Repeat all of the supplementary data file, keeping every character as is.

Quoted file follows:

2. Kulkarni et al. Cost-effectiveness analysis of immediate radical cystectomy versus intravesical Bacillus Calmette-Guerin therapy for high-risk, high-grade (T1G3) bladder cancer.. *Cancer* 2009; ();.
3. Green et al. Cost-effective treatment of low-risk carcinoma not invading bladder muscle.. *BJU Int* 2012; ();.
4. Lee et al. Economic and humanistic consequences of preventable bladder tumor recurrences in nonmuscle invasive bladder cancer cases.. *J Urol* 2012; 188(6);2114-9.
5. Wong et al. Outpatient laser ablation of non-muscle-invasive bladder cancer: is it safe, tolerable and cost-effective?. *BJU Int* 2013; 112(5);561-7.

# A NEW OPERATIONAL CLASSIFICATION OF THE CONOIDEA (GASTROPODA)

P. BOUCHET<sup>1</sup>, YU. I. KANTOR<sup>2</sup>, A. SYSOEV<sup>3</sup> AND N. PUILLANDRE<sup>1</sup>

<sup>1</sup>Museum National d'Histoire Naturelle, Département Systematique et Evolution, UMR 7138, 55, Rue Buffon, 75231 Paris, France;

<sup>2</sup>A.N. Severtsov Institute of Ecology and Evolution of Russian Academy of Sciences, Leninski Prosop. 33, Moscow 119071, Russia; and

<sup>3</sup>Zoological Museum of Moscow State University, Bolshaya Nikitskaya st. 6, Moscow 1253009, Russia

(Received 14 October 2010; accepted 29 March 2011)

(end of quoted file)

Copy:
2. Kulkarni et al. Cost-effectiveness analysis of immediate radical cystectomy versus intravesical Bacillus Calmette-Guerin therapy for high-risk, high-grade (T1G3) bladder cancer.. *Cancer* 2009; ();.
3. Green et al. Cost-effective treatment of low-risk carcinoma not invading bladder muscle.. *BJU Int* 2012; ();.
4. Lee et al. Economic and humanistic consequences of preventable bladder tumor recurrences in nonmuscle invasive bladder cancer cases.. *J Urol* 2012; 188(6);2114-9.
5. Wong et al. Outpatient laser ablation of non-muscle-invasive bladder cancer: is it safe, tolerable and cost-effective?. *BJU Int* 2013; 112(5);561-7.

# A NEW OPERATIONAL CLASSIFICATION OF THE CONOIDEA (GASTROPODA)

P. BOUCHET<sup>1</sup>, YU. I. KANTOR<sup>2</sup>, A. SYSOEV<sup>3</sup> AND N. PUILLANDRE<sup>1</sup>

<sup>1</sup>Museum National d'Histoire Naturelle, Département Systematique et Evolution, UMR 7138, 55, Rue Buffon, 75231 Paris, France;

<sup>2</sup>A.N. Severtsov Institute of Ecology and Evolution of Russian Academy of Sciences, Leninski Prosop. 33, Moscow 119071, Russia; and

<sup>3</sup>Zoological Museum of Moscow State University, Bolshaya Nikitskaya st. 6, Moscow 1253009, Russia

(Received 14 October 2010; accepted 29 March 2011)